In all, 1999 was a lively year at the movies. Audiences lined up frequently at ticket windows, Hollywood made piles of money, and critics found enough high-quality pictures to provide a healthy proportion of good reviews.
Significantly, creative work wasn't limited to any particular point along the moviemaking spectrum. As venerable a company as Walt Disney released fare as challenging as "Summer of Sam" and "The Straight Story," while "The Blair Witch Project" gave a fresh burst of energy to independent producers. Television and home video will continue to fling new challenges at traditional cinema, but theatrical filmgoing obviously remains alive and well.
More specifically, it was a terrific year for screen comedy - not only the teen fantasies that scored again with "American Pie," but the thoughtful variety aimed above the collar rather than below the belt. Especially interesting was a trend toward using comedy as means of exploring the creative process itself. Animation and documentaries made strong showings, too.
It seems stingy to make a short list of favorites in such a generous year, but I'll honor tradition by choosing 10 of the best, and hedge by noting runners-up that could have made the final cut. Remember that movies are complicated beasts, often holding worthwhile ideas alongside material some find irksome, disturbing, or offensive. So check ratings and reviews before rushing off to see these pictures. But know that each contains enough meaningful content and invigorating style to stand above the crowd.
* Man on the Moon. This comedy became the year's most misunderstood movie even before it opened, with some advance reviews dismissing it as a failed "bio-pic" that reveals too little about the inner life of comedian Andy Kaufman, its real-life hero.
The picture never tries to be a biography. It's a deliciously offbeat study of a maverick who relentlessly pushed the envelope of comic performance before his untimely death in 1984, earning international fame - and nearly sabotaging his career - in the process. Jim Carrey gives his most dazzling performance ever, and director Milos Forman continues his fascinating string of films about the paradoxes of creativity.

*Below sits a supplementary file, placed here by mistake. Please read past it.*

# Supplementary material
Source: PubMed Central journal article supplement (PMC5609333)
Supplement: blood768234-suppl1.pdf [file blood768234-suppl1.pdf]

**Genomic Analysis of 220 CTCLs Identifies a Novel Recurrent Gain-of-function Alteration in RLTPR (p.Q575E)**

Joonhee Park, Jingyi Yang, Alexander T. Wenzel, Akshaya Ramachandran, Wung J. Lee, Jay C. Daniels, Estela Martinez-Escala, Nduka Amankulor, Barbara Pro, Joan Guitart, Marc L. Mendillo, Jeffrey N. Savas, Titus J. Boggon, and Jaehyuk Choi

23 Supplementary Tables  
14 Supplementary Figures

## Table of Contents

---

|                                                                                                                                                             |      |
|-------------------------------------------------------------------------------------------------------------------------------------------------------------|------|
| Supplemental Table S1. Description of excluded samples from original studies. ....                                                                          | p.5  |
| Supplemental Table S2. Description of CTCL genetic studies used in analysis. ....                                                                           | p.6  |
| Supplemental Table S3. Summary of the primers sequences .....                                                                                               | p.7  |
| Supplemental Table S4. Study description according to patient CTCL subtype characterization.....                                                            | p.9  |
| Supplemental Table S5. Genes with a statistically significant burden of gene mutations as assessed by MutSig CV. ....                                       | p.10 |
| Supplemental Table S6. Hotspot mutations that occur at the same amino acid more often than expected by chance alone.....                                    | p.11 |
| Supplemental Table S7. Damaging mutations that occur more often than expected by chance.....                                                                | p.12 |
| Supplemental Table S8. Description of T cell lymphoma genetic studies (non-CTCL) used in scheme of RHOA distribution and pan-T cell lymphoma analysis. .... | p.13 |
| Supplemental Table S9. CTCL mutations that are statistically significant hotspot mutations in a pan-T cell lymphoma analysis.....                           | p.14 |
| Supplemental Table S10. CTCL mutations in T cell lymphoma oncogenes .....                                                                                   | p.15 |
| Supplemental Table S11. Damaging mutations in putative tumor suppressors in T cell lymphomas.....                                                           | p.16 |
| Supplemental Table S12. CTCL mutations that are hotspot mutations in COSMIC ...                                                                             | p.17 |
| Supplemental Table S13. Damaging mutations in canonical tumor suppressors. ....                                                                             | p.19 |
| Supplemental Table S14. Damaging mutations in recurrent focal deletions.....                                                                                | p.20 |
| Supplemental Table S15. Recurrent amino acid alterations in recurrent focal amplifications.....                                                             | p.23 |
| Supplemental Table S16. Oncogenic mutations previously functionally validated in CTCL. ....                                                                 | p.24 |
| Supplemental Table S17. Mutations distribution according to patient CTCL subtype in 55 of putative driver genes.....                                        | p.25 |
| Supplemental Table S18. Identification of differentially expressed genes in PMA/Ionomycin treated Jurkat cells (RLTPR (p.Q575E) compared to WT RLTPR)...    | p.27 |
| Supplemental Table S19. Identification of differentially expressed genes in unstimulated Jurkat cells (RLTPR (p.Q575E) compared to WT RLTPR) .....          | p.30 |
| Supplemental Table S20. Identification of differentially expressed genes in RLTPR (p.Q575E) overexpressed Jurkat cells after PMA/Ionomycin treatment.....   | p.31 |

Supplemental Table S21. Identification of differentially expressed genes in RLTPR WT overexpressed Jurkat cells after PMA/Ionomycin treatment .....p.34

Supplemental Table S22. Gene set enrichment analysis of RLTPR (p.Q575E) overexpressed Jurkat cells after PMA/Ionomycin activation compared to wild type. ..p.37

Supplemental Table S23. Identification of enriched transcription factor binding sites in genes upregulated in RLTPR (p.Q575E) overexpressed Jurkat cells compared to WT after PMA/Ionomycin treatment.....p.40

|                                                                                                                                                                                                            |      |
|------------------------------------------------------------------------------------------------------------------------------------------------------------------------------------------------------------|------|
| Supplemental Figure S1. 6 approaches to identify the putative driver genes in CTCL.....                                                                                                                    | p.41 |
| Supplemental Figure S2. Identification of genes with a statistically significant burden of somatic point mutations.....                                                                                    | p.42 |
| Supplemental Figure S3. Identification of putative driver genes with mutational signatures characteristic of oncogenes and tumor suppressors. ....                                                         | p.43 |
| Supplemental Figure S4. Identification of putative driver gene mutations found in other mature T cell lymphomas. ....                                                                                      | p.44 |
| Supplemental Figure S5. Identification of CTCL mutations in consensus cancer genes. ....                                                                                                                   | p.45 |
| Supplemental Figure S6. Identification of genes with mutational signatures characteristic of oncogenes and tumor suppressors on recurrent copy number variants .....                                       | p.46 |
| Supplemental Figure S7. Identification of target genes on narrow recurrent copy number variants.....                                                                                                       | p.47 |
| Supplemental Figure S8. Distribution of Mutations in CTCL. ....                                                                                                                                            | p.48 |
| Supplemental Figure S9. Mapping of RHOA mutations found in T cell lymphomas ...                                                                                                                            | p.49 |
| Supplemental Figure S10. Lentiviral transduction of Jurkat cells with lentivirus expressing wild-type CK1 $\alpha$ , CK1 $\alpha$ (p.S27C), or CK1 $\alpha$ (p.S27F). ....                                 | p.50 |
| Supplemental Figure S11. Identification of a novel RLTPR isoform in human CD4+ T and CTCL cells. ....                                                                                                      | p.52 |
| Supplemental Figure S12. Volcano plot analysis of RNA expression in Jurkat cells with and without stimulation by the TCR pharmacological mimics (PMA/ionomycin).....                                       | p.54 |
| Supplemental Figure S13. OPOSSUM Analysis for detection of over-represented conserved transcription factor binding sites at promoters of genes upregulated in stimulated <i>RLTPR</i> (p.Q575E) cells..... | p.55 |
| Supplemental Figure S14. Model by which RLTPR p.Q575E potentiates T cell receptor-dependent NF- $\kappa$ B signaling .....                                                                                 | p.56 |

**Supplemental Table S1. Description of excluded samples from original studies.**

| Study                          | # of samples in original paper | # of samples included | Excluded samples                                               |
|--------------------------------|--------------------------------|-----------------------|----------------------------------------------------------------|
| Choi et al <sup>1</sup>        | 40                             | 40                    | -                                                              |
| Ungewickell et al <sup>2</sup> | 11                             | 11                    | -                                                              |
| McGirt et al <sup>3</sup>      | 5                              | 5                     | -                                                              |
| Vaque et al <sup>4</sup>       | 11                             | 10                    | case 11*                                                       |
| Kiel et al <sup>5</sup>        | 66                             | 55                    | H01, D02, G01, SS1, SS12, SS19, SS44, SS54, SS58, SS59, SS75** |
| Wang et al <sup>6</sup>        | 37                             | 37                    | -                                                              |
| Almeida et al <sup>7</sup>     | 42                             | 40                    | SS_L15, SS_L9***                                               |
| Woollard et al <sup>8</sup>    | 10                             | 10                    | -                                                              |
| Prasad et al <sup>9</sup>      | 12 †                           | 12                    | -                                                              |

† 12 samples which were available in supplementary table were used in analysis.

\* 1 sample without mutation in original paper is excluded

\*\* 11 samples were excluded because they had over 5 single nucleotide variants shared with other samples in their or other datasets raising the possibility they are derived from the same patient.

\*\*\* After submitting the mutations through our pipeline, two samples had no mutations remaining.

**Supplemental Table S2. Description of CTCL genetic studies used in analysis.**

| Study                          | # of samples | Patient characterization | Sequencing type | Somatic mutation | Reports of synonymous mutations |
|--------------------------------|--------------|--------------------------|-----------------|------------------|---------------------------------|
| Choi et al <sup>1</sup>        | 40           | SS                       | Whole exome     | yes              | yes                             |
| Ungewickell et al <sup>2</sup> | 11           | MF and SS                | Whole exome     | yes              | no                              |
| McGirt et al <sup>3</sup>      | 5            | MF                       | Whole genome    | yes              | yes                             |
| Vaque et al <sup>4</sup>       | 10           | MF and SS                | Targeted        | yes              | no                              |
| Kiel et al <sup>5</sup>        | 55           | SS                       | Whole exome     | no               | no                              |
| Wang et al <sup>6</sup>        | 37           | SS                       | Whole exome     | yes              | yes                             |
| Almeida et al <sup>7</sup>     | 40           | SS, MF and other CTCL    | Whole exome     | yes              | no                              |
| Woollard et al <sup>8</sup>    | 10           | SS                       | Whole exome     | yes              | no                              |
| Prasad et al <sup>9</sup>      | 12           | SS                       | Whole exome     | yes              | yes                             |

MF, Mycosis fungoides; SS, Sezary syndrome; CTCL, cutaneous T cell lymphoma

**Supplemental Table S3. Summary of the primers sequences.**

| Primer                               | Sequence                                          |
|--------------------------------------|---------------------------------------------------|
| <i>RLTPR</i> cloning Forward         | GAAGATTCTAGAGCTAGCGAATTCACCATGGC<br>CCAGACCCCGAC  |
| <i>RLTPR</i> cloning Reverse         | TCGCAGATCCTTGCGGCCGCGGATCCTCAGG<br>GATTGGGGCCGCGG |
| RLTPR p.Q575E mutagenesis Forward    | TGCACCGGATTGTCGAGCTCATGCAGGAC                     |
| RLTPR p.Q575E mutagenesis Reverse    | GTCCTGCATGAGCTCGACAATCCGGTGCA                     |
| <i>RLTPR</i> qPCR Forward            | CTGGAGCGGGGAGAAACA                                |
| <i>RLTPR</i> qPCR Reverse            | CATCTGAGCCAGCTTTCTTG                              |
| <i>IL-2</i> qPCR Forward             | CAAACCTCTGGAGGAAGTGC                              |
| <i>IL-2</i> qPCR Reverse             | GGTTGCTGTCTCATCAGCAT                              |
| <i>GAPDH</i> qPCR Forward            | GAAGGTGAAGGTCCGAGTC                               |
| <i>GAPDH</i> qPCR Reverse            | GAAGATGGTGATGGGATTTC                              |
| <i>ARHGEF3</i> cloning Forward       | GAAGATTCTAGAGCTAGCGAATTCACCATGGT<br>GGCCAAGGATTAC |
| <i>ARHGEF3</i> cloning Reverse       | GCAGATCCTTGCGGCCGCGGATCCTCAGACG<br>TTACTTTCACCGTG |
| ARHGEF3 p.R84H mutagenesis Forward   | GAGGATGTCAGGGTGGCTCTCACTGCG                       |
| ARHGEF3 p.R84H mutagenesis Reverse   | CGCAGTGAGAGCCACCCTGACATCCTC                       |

* Being John Malkovich. The title led people to expect a documentary about the talented actor, but what they found was the year's most original story. A puppeteer finds a secret passage into Malkovich's mind and decides to capitalize on this weird discovery. It's hard to say who contributed most to the movie's effectiveness - screenwriter Charlie Kaufman or director Spike Jonze in his feature-film debut - but both deserve a passel of prizes. So does the cast, from John Cusack and Catherine Keener to Cameron Diaz and Malkovich himself, surely the Good Sport of the Decade for poking fun at himself so willingly.
* Election. Look beyond this movie's pitch-dark comedy about precocious sexuality, and you'll find a razor-sharp satire of the Age of Clinton that ruefully exposes its social, political, and educational cynicism. Matthew Broderick shows newfound depth as a schoolteacher too idealistic for his time, and Reese Witherspoon becomes a star as the senior-class politician who turns his life upside down. But chief credit goes to director Alexander Payne and screenwriter Jim Taylor, who showed the same sociological savvy in "Citizen Ruth," their previous picture. They're two of the most prominent talents in the revival of writer-director teamwork that is one of the year's most interesting trends.
* Run Lola Run. Lola's boyfriend is in big trouble, and he'll die if she can't raise an enormous amount of cash in the next 20 minutes. This could have been an exercise in style without substance, but German filmmaker Tom Tykwer turns it into a high-speed philosophical essay, complete with spur-of-the-moment meditations on what might have happened if events had taken a slightly different spin. A feast for the eye and the mind - and all in a snappy 81 minutes!